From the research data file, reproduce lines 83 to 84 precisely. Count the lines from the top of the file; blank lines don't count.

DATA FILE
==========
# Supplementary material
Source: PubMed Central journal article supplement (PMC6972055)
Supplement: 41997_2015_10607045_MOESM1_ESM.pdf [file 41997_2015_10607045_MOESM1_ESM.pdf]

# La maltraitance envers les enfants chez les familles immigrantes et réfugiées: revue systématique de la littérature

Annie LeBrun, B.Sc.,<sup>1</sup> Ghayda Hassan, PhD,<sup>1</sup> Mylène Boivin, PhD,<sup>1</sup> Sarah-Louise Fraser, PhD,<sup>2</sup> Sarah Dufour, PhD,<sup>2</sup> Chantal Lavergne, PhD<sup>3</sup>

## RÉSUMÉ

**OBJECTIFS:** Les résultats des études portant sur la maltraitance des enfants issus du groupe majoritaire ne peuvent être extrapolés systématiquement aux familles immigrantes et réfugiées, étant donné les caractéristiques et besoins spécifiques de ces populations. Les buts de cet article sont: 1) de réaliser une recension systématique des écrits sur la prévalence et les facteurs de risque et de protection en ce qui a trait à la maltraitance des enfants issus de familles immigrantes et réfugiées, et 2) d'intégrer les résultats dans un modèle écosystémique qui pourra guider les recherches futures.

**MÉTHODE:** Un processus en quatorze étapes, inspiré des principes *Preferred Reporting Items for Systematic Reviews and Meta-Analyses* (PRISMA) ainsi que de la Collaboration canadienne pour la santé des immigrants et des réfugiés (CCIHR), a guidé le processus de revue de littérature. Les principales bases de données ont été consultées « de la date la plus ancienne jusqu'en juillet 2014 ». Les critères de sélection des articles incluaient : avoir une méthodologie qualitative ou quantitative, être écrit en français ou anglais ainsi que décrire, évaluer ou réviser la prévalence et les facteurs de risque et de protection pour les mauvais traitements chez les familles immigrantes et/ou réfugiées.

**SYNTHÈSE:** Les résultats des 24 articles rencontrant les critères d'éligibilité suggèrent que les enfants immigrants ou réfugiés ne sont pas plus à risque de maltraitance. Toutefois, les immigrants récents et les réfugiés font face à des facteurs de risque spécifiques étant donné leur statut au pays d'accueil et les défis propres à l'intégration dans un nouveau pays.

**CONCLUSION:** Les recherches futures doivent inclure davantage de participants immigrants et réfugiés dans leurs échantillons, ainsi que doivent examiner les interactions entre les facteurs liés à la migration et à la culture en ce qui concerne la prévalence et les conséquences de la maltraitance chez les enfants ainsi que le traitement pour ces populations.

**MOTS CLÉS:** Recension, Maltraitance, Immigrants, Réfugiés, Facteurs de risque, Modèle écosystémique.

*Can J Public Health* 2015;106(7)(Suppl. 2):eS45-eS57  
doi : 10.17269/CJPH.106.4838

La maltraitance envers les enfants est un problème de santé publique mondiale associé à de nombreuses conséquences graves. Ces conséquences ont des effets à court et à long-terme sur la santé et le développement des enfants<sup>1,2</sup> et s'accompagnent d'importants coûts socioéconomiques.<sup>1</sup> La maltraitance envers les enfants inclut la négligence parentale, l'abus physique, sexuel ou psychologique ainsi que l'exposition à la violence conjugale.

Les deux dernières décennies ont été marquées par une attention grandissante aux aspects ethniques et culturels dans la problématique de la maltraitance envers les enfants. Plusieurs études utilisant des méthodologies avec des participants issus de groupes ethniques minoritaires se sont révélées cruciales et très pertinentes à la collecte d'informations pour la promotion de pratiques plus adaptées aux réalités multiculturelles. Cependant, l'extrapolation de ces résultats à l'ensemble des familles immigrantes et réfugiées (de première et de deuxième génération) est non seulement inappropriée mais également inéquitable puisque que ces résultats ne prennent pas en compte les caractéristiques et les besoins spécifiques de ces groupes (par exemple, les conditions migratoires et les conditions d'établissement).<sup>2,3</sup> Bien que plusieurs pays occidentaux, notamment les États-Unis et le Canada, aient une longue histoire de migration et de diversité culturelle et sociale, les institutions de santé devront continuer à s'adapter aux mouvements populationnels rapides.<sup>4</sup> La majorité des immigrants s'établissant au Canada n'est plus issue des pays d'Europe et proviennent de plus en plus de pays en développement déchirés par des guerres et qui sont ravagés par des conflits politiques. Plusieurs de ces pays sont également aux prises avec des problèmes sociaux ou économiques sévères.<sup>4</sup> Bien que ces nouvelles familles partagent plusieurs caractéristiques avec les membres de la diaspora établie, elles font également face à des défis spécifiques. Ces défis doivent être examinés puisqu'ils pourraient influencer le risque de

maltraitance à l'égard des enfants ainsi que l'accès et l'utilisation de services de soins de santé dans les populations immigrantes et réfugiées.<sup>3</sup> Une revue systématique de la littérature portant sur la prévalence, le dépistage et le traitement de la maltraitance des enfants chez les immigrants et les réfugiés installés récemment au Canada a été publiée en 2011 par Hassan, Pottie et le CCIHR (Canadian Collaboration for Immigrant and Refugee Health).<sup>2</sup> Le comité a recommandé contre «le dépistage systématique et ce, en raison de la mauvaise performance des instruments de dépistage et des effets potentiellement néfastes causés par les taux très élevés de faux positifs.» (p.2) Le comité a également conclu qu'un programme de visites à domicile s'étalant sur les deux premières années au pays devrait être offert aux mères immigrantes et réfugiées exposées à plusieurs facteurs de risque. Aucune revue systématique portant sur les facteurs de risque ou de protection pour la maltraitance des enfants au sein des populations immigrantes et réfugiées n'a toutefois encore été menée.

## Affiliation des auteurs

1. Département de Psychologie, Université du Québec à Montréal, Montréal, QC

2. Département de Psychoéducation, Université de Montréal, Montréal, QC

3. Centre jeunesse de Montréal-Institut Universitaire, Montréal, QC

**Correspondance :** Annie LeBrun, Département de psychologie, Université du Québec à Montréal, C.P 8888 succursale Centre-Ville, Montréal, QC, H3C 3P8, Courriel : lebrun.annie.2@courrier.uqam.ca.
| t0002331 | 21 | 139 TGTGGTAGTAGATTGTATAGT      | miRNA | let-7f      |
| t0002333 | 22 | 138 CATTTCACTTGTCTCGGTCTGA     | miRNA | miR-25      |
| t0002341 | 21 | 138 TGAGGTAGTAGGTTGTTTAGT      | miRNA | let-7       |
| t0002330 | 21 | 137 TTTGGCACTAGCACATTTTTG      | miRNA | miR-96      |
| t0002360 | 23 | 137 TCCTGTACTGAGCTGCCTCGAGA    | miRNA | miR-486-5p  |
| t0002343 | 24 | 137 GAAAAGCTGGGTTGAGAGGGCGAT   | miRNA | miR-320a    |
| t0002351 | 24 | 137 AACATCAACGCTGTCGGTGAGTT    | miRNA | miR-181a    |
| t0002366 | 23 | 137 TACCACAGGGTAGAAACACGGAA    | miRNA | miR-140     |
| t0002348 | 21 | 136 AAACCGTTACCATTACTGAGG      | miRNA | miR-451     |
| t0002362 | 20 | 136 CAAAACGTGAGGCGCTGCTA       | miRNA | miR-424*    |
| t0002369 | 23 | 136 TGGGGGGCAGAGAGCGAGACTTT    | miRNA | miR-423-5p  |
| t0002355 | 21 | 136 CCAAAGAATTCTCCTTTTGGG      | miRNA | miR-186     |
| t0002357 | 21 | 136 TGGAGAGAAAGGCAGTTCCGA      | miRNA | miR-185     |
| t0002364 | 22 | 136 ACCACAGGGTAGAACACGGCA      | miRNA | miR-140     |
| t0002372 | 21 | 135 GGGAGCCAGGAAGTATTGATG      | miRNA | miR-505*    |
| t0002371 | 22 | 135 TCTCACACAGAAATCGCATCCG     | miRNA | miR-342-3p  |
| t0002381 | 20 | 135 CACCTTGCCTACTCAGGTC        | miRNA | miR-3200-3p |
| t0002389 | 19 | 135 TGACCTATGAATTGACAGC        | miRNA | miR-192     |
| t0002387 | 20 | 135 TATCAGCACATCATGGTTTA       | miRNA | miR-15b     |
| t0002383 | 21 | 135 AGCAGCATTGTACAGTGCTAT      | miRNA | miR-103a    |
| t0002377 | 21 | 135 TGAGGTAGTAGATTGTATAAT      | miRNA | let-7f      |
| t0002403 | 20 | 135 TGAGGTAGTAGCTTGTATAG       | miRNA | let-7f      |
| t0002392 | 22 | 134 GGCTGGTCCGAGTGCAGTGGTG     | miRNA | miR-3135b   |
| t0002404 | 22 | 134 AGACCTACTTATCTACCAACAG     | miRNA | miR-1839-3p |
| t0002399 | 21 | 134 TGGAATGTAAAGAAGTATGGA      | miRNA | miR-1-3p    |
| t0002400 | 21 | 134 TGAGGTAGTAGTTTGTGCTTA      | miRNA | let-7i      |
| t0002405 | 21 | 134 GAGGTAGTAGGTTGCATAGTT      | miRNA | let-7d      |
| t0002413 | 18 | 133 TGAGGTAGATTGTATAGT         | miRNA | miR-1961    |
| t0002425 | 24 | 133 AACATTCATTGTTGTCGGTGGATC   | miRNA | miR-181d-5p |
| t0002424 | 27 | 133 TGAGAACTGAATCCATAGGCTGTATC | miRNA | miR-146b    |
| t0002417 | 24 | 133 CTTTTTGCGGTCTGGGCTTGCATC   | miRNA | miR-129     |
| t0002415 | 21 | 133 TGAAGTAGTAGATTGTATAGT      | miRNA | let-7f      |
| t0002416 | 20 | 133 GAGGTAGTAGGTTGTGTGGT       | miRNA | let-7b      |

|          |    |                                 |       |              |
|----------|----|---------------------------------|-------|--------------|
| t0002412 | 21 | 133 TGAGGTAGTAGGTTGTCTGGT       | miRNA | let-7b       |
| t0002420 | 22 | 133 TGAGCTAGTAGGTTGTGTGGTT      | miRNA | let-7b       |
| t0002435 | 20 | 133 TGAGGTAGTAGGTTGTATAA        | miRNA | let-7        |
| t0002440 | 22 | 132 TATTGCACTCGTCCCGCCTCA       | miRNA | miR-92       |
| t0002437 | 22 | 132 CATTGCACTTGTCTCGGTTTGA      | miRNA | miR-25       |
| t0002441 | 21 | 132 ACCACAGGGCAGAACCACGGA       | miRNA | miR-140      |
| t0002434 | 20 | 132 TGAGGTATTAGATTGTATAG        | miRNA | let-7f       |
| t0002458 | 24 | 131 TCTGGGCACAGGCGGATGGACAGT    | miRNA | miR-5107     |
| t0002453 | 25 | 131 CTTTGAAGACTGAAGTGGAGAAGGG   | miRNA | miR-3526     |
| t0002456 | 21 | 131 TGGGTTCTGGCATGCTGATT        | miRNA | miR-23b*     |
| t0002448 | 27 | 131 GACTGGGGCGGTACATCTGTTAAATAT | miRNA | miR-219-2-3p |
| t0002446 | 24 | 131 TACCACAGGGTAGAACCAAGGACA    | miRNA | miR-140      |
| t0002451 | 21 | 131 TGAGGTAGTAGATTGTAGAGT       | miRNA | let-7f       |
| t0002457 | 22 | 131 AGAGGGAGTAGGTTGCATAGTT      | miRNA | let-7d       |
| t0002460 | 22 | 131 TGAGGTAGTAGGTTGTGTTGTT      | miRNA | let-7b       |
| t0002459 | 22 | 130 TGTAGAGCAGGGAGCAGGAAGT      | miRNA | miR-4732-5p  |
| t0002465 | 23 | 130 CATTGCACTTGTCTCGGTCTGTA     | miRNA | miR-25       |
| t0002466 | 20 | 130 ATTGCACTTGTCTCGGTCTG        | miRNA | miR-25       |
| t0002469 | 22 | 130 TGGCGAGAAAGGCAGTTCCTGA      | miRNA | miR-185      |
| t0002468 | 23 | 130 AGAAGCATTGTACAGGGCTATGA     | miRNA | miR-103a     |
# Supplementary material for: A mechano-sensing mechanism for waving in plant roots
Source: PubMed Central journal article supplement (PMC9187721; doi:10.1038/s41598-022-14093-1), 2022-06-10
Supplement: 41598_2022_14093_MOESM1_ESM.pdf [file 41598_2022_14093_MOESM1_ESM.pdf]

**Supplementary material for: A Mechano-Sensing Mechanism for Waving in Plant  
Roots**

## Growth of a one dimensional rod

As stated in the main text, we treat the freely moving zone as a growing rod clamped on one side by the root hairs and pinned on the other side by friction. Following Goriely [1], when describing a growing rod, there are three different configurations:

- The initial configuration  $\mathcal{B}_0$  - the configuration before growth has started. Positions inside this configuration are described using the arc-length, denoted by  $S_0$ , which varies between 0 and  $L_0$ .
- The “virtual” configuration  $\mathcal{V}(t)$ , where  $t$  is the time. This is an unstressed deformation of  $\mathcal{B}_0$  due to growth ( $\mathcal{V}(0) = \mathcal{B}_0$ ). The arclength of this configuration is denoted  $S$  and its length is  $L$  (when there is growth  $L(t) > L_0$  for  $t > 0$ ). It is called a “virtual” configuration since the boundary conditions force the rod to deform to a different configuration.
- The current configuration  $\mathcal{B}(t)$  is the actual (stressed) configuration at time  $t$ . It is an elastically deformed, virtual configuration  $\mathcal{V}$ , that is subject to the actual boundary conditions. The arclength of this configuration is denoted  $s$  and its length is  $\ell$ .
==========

As stated in the main text, we treat the freely moving zone as a growing rod clamped on one side by the root hairs and pinned on the other side by friction. Following Goriely [1], when describing a growing rod, there are three different configurations:

- The initial configuration  $\mathcal{B}_0$  - the configuration before growth has started. Positions inside this configuration are described using the arc-length, denoted by  $S_0$ , which varies between 0 and  $L_0$ .